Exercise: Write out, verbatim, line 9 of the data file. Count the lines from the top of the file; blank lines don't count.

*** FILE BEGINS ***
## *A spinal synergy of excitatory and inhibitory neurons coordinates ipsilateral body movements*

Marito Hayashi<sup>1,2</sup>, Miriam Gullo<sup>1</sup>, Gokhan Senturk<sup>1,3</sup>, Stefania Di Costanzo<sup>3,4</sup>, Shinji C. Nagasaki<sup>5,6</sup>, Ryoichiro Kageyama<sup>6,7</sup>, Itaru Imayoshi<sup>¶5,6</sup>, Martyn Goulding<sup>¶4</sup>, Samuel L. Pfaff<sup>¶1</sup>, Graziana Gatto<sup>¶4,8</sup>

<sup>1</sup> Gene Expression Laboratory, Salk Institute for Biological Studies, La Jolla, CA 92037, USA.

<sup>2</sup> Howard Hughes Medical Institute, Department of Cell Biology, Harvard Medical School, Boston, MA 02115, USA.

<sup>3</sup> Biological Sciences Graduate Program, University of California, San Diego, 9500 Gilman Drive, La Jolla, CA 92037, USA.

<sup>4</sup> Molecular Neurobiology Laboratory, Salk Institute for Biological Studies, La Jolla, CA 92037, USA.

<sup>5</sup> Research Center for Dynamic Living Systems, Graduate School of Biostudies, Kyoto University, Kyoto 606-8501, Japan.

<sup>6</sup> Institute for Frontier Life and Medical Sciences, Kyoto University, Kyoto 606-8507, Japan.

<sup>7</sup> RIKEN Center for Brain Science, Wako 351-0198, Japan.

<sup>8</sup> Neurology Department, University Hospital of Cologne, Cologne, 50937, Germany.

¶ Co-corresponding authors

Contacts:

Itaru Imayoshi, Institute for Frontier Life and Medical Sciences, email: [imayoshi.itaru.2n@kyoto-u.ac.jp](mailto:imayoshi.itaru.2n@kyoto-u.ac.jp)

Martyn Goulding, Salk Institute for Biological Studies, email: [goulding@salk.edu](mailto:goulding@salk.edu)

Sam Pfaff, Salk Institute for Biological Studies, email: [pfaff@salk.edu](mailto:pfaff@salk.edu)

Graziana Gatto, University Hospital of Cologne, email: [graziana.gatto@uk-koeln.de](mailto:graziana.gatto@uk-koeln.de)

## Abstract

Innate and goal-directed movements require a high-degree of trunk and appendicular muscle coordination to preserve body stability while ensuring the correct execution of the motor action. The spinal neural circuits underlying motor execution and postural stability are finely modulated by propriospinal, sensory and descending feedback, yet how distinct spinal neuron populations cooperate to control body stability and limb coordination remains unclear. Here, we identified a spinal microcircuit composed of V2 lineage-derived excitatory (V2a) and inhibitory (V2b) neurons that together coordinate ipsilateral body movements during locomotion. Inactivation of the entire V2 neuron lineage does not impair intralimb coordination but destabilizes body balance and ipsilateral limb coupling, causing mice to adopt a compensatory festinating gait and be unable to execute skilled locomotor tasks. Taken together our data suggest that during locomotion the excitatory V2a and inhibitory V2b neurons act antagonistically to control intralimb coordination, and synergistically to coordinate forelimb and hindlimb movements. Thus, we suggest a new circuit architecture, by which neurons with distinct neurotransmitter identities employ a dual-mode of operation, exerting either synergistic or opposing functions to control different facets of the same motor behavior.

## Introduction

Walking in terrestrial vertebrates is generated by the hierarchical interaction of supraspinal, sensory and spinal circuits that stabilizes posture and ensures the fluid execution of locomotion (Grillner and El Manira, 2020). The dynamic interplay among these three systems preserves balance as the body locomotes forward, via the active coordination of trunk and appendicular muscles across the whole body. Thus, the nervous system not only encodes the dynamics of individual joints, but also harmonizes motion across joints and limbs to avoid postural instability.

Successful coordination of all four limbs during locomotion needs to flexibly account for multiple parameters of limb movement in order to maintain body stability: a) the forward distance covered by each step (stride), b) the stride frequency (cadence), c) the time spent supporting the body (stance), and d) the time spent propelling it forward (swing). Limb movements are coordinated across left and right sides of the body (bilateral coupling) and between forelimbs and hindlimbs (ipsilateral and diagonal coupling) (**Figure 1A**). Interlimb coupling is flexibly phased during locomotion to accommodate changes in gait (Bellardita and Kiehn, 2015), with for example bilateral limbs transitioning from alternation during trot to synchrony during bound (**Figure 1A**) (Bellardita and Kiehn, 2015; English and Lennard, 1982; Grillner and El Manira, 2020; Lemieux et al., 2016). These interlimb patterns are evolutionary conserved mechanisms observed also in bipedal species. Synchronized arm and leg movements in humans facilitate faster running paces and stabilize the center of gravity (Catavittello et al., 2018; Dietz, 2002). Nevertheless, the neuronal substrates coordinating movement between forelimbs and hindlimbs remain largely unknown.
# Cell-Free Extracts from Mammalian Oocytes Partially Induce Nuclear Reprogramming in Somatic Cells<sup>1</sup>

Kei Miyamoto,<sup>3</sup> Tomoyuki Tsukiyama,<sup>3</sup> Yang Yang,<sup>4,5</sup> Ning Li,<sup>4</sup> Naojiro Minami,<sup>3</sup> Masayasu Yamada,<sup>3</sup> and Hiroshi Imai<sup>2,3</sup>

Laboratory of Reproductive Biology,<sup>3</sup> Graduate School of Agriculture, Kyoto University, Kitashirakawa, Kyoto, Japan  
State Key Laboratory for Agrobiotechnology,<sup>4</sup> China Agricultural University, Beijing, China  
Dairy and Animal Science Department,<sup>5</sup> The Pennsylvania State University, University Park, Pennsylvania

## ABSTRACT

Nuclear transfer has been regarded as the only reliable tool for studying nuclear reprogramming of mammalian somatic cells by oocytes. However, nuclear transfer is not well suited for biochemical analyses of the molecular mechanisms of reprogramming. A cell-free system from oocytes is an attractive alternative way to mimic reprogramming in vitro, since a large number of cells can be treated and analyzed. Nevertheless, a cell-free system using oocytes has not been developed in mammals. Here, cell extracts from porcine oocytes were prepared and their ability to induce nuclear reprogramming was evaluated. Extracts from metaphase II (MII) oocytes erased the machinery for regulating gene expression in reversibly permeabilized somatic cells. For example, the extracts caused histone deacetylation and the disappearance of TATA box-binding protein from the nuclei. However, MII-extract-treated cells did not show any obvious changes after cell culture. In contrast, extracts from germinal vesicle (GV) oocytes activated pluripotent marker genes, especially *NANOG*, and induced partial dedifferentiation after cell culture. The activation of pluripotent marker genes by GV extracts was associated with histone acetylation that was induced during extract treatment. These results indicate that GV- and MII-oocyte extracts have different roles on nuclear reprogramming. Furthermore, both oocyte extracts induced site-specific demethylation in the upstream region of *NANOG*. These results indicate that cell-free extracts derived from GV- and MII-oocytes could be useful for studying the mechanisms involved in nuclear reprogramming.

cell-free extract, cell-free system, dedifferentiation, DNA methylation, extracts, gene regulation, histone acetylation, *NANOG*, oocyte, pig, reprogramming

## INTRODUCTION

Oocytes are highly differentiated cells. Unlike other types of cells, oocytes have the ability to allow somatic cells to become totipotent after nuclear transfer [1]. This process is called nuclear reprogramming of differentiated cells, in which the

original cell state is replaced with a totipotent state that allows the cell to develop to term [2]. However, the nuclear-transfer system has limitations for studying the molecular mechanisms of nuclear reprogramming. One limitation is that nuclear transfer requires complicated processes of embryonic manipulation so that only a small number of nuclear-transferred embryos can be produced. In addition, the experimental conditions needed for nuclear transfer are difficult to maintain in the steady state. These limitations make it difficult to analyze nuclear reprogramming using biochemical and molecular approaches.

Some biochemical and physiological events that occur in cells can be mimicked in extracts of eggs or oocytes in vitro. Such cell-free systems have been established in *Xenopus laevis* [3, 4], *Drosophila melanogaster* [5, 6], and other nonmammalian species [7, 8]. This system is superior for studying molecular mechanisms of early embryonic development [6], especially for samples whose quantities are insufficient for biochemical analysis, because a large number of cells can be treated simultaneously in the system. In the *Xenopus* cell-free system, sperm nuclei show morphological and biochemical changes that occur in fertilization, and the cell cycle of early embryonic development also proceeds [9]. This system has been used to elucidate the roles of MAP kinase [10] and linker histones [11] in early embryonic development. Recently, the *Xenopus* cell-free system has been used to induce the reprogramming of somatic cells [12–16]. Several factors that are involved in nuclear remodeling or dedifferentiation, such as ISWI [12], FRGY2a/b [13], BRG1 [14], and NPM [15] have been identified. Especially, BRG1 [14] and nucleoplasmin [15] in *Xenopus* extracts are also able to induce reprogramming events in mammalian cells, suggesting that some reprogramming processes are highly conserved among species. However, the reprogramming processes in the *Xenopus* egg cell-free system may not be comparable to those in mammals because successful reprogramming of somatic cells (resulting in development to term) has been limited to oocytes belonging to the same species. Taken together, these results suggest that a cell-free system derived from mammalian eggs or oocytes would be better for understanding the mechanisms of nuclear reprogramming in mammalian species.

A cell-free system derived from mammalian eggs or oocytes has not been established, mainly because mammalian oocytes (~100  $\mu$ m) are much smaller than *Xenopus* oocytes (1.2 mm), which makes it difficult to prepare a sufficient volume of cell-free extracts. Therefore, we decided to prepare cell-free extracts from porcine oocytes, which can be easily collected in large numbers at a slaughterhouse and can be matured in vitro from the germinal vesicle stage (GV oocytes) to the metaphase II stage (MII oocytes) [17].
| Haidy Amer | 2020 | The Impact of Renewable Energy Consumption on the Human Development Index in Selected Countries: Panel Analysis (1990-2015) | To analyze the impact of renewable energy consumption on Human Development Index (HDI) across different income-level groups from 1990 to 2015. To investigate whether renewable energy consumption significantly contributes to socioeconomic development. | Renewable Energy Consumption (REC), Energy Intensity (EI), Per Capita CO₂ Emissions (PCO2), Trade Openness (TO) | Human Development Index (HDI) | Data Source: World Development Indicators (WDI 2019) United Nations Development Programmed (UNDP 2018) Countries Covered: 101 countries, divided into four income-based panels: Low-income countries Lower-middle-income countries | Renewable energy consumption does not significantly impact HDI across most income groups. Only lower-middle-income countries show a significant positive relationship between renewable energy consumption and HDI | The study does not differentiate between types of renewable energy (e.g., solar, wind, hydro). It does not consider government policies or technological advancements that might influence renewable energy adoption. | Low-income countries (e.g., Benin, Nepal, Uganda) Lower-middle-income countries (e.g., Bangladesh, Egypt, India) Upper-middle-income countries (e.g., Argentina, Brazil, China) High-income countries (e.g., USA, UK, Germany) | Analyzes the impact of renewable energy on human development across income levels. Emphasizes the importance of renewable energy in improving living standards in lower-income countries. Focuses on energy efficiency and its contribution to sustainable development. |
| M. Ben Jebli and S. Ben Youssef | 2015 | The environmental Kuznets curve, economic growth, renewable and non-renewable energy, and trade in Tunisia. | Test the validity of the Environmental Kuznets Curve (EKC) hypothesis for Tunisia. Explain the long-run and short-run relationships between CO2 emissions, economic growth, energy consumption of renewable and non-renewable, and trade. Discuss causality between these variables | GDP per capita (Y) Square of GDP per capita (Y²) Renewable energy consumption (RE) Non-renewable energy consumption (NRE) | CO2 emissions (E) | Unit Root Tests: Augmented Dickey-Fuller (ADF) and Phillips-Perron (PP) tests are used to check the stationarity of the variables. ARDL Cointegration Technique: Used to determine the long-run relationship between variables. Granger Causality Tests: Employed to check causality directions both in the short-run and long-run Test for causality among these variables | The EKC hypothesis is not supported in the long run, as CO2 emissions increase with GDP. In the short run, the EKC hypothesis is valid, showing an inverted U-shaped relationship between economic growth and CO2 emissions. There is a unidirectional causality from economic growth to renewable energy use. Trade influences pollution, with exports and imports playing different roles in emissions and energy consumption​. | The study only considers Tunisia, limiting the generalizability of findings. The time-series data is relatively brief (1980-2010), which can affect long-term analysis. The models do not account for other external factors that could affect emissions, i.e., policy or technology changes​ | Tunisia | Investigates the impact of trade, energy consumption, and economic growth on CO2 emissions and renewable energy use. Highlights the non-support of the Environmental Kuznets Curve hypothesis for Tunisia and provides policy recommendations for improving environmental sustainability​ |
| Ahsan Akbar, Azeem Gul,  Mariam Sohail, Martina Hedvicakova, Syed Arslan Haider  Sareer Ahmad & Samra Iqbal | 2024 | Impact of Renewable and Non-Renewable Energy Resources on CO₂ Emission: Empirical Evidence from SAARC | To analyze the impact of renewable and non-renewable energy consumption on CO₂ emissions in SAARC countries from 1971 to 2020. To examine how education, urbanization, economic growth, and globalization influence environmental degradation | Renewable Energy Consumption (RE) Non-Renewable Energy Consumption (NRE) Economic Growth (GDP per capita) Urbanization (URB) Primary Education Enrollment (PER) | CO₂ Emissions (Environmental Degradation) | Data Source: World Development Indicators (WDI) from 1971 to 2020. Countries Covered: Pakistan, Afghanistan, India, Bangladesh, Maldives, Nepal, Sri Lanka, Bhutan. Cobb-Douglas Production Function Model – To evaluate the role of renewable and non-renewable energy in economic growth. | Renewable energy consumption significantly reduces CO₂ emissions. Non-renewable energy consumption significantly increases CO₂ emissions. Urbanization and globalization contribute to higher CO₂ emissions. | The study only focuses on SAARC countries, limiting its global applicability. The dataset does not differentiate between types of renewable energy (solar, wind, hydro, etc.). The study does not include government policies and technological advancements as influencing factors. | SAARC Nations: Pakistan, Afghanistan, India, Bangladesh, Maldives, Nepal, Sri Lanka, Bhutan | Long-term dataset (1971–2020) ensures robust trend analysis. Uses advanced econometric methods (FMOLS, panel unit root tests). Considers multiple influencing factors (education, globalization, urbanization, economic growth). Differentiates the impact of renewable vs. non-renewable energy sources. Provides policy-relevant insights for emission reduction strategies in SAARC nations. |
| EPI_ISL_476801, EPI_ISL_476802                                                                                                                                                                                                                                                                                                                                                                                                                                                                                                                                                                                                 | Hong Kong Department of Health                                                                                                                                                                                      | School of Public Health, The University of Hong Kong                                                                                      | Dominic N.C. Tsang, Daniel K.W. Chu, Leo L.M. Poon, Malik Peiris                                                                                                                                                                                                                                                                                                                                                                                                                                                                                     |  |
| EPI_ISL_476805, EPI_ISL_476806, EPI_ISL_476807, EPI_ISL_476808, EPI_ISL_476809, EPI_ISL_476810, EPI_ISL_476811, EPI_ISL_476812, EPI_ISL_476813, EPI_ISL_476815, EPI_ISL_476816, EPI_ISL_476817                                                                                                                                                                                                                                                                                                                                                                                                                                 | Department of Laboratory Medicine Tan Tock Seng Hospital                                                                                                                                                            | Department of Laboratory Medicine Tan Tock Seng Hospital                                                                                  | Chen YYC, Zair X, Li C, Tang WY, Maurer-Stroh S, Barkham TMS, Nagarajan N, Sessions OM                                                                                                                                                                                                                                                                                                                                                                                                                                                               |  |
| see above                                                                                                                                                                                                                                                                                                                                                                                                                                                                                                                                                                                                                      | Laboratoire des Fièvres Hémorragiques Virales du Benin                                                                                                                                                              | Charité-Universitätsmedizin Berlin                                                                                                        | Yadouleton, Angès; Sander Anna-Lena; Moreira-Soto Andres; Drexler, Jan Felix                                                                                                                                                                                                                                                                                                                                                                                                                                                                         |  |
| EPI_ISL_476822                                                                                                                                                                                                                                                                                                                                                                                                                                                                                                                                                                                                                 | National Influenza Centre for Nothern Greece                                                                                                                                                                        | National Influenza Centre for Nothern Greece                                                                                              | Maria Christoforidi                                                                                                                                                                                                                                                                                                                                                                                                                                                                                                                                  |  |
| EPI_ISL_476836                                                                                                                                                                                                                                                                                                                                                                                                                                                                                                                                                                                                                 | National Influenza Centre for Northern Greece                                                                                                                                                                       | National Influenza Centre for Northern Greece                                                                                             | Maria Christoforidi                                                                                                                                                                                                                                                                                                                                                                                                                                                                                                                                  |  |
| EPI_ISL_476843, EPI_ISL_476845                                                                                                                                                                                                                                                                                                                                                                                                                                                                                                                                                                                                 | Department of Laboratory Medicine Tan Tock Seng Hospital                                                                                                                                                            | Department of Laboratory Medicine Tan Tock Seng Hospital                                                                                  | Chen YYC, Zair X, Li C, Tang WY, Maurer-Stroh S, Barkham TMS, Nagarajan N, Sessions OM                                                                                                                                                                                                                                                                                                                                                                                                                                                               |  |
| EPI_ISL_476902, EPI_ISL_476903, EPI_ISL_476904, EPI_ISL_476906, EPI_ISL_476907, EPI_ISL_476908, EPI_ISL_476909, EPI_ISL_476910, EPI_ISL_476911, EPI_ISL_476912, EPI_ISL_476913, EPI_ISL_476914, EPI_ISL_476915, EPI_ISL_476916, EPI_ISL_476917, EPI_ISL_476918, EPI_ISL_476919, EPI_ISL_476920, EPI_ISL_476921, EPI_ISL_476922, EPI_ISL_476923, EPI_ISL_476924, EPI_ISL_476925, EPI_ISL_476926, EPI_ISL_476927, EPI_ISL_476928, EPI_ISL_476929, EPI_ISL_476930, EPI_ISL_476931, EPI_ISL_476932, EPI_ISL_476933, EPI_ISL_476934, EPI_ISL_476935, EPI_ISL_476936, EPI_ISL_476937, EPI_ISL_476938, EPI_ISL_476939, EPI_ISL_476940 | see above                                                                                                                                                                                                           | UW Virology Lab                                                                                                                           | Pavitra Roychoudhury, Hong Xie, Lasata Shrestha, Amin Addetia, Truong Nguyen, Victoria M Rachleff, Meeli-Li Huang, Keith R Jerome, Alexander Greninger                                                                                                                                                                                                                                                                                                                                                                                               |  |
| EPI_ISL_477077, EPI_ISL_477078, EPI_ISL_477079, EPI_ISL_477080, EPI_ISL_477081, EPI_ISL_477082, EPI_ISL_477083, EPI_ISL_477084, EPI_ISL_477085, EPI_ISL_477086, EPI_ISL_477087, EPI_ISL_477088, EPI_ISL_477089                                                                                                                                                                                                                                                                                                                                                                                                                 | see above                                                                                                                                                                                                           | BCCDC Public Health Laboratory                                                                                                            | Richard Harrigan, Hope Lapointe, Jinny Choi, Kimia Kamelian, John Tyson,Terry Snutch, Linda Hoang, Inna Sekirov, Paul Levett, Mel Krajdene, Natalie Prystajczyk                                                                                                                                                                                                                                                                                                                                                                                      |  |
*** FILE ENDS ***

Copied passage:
<sup>7</sup> RIKEN Center for Brain Science, Wako 351-0198, Japan.